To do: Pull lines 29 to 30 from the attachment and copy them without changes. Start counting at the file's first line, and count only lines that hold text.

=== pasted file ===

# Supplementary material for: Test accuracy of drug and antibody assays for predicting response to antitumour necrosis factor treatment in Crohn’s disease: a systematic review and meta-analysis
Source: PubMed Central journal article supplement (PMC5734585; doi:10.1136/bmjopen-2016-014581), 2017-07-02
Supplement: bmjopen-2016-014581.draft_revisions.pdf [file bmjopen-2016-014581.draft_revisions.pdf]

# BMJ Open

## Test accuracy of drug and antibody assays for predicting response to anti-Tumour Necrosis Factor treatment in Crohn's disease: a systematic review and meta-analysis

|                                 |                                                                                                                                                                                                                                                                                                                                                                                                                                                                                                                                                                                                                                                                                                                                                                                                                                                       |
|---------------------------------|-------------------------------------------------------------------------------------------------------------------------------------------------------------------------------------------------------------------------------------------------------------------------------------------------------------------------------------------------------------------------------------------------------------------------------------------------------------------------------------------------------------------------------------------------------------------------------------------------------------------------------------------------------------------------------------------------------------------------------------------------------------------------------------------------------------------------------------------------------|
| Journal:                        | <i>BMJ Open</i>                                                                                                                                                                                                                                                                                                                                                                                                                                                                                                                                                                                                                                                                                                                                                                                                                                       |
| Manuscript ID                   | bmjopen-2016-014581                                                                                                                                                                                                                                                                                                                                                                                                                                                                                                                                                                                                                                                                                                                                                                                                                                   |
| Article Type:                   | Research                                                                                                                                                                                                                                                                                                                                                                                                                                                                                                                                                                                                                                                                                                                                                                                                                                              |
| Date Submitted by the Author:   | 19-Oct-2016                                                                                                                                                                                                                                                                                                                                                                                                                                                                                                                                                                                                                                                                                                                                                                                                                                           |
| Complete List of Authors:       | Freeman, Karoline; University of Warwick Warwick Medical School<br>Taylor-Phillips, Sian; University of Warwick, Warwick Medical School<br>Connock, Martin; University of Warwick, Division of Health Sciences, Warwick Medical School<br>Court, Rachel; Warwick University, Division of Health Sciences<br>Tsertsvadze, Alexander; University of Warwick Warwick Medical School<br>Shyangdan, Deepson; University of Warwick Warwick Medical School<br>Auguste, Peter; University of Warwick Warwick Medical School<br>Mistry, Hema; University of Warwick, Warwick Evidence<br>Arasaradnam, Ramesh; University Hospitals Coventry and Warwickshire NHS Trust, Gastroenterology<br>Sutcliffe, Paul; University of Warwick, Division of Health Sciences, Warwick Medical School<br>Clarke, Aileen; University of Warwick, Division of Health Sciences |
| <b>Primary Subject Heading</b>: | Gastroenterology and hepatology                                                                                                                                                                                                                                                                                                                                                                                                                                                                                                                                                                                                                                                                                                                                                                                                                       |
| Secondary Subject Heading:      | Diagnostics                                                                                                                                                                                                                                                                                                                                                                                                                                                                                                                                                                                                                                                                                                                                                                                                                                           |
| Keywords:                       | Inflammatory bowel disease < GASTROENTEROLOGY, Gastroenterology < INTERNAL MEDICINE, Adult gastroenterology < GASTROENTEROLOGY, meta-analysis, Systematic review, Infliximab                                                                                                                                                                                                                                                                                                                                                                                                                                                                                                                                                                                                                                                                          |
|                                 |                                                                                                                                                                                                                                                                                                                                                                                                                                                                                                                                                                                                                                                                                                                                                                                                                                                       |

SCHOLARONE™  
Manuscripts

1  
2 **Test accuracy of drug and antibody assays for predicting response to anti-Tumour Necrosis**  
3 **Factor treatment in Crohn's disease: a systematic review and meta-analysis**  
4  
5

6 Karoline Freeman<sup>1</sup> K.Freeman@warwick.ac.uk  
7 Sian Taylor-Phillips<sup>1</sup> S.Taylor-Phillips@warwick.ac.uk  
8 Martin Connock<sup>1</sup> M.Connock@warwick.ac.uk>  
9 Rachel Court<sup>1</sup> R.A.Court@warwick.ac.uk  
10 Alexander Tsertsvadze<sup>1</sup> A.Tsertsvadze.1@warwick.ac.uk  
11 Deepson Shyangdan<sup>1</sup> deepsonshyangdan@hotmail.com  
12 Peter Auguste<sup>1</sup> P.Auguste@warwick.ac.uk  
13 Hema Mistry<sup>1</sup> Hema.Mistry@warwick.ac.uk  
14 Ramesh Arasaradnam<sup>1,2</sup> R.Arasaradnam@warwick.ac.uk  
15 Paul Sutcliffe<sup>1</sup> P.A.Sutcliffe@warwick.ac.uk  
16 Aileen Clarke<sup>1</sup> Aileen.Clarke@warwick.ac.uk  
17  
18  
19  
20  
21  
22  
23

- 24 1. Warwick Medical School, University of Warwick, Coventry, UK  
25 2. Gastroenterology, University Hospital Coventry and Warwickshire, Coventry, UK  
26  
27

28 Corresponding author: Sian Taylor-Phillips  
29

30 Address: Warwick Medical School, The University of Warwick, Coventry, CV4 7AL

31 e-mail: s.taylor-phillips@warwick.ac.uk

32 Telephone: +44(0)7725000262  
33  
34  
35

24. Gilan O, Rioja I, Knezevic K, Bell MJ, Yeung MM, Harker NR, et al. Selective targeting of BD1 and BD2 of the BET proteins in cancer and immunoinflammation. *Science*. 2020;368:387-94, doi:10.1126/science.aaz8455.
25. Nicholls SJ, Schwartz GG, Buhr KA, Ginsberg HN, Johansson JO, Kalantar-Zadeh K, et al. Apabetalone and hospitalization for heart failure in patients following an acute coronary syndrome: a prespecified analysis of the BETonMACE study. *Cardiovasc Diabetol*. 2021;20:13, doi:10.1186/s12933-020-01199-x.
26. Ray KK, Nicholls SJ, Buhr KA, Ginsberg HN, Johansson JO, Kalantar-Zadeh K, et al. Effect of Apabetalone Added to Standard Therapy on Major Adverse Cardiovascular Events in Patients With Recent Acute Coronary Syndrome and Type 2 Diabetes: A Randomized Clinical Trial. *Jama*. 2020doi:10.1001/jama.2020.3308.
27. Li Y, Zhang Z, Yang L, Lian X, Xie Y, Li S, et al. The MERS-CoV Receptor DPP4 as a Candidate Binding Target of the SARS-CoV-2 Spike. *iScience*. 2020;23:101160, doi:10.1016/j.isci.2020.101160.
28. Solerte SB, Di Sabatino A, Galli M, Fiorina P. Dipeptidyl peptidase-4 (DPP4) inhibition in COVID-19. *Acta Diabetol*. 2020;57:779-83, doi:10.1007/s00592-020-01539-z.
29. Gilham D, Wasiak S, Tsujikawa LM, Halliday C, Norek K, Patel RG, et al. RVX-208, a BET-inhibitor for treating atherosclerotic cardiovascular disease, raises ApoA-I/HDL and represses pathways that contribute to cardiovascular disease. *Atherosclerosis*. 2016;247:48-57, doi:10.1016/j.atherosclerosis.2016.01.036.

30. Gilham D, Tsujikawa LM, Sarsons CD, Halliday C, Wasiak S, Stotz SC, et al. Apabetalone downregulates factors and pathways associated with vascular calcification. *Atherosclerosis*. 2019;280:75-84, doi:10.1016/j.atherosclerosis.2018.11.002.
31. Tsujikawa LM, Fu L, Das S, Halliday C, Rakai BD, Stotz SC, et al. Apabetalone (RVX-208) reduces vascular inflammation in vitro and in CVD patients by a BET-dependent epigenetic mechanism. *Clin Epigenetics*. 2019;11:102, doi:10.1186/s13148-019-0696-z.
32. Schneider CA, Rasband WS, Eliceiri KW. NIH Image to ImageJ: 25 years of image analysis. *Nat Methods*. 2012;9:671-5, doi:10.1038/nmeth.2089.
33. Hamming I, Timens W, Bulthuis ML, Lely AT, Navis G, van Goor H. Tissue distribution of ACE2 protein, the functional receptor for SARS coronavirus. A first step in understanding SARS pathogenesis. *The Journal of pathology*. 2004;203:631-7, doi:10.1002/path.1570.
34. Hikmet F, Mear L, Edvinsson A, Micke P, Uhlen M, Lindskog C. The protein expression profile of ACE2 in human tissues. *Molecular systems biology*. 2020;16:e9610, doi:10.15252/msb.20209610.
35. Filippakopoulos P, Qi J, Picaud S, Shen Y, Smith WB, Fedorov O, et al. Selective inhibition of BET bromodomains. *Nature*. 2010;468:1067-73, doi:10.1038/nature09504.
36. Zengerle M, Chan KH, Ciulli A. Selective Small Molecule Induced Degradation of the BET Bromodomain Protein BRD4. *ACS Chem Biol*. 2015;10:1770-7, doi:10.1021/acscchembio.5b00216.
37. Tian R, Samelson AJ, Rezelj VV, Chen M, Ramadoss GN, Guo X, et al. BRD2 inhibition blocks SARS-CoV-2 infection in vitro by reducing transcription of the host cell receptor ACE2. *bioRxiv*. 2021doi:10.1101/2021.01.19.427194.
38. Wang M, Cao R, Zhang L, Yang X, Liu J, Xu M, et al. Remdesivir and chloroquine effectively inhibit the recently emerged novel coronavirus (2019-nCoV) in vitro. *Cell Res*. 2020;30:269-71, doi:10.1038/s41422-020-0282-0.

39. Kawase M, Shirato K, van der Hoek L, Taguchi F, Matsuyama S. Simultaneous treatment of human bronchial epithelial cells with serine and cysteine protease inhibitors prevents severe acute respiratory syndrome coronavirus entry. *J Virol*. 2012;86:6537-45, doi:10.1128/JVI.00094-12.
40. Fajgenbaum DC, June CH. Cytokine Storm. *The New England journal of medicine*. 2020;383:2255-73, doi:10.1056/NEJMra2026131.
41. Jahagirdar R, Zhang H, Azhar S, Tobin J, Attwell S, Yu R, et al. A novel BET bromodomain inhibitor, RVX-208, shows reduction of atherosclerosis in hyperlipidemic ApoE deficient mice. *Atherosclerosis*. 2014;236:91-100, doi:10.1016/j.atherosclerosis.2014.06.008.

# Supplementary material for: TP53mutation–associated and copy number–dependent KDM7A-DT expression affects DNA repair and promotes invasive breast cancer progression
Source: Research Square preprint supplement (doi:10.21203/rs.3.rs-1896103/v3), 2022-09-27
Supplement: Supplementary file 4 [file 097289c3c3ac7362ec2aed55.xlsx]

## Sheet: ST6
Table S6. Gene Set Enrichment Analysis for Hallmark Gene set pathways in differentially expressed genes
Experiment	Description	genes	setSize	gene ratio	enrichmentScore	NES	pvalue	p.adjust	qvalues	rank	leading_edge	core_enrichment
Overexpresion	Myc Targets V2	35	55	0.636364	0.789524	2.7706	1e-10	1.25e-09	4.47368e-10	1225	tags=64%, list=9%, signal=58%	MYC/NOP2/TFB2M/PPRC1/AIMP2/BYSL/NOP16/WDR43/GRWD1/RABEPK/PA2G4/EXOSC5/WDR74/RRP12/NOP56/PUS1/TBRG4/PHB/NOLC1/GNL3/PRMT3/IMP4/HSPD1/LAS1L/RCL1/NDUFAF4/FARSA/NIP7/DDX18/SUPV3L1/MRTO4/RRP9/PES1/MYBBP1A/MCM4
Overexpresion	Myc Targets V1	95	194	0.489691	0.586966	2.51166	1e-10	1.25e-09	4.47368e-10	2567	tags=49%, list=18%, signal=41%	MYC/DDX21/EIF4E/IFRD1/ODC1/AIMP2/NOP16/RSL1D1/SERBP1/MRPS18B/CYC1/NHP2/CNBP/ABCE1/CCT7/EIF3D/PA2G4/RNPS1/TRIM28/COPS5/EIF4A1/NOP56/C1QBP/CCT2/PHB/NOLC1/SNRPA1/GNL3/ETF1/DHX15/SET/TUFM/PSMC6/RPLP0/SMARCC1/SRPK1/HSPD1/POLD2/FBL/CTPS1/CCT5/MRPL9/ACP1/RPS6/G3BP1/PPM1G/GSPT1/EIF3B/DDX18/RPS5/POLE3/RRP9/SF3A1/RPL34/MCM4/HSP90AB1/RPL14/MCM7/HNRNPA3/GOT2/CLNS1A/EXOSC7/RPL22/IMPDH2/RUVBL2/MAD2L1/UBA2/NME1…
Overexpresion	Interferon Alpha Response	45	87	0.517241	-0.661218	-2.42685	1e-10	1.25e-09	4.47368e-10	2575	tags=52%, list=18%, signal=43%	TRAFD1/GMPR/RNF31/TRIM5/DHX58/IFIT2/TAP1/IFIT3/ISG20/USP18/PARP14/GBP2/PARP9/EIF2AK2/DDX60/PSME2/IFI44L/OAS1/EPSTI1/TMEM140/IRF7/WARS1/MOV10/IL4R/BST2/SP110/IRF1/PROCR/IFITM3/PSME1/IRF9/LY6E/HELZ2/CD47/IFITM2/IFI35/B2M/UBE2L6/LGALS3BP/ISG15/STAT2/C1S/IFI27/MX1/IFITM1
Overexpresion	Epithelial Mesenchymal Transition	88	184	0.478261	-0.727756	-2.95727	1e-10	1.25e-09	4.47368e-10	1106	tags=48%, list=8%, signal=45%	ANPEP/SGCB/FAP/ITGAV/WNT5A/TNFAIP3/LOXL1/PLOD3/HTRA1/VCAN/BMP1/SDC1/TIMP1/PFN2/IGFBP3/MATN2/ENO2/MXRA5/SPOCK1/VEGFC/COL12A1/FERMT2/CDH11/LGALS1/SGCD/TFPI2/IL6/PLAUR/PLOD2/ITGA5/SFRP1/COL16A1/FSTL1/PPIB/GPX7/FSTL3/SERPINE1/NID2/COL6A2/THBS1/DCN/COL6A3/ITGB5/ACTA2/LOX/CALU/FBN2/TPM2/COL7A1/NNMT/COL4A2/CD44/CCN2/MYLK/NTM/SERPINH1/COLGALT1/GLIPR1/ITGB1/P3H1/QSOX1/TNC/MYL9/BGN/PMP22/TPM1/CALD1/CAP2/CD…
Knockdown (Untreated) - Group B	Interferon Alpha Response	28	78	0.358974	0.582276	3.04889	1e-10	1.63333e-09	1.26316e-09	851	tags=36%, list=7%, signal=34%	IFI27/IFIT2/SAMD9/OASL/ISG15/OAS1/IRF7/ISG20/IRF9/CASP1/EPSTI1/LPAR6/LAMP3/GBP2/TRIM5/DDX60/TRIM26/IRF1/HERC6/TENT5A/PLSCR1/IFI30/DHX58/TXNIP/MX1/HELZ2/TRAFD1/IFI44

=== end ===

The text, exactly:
11 Deepson Shyangdan<sup>1</sup> deepsonshyangdan@hotmail.com  
12 Peter Auguste<sup>1</sup> P.Auguste@warwick.ac.uk  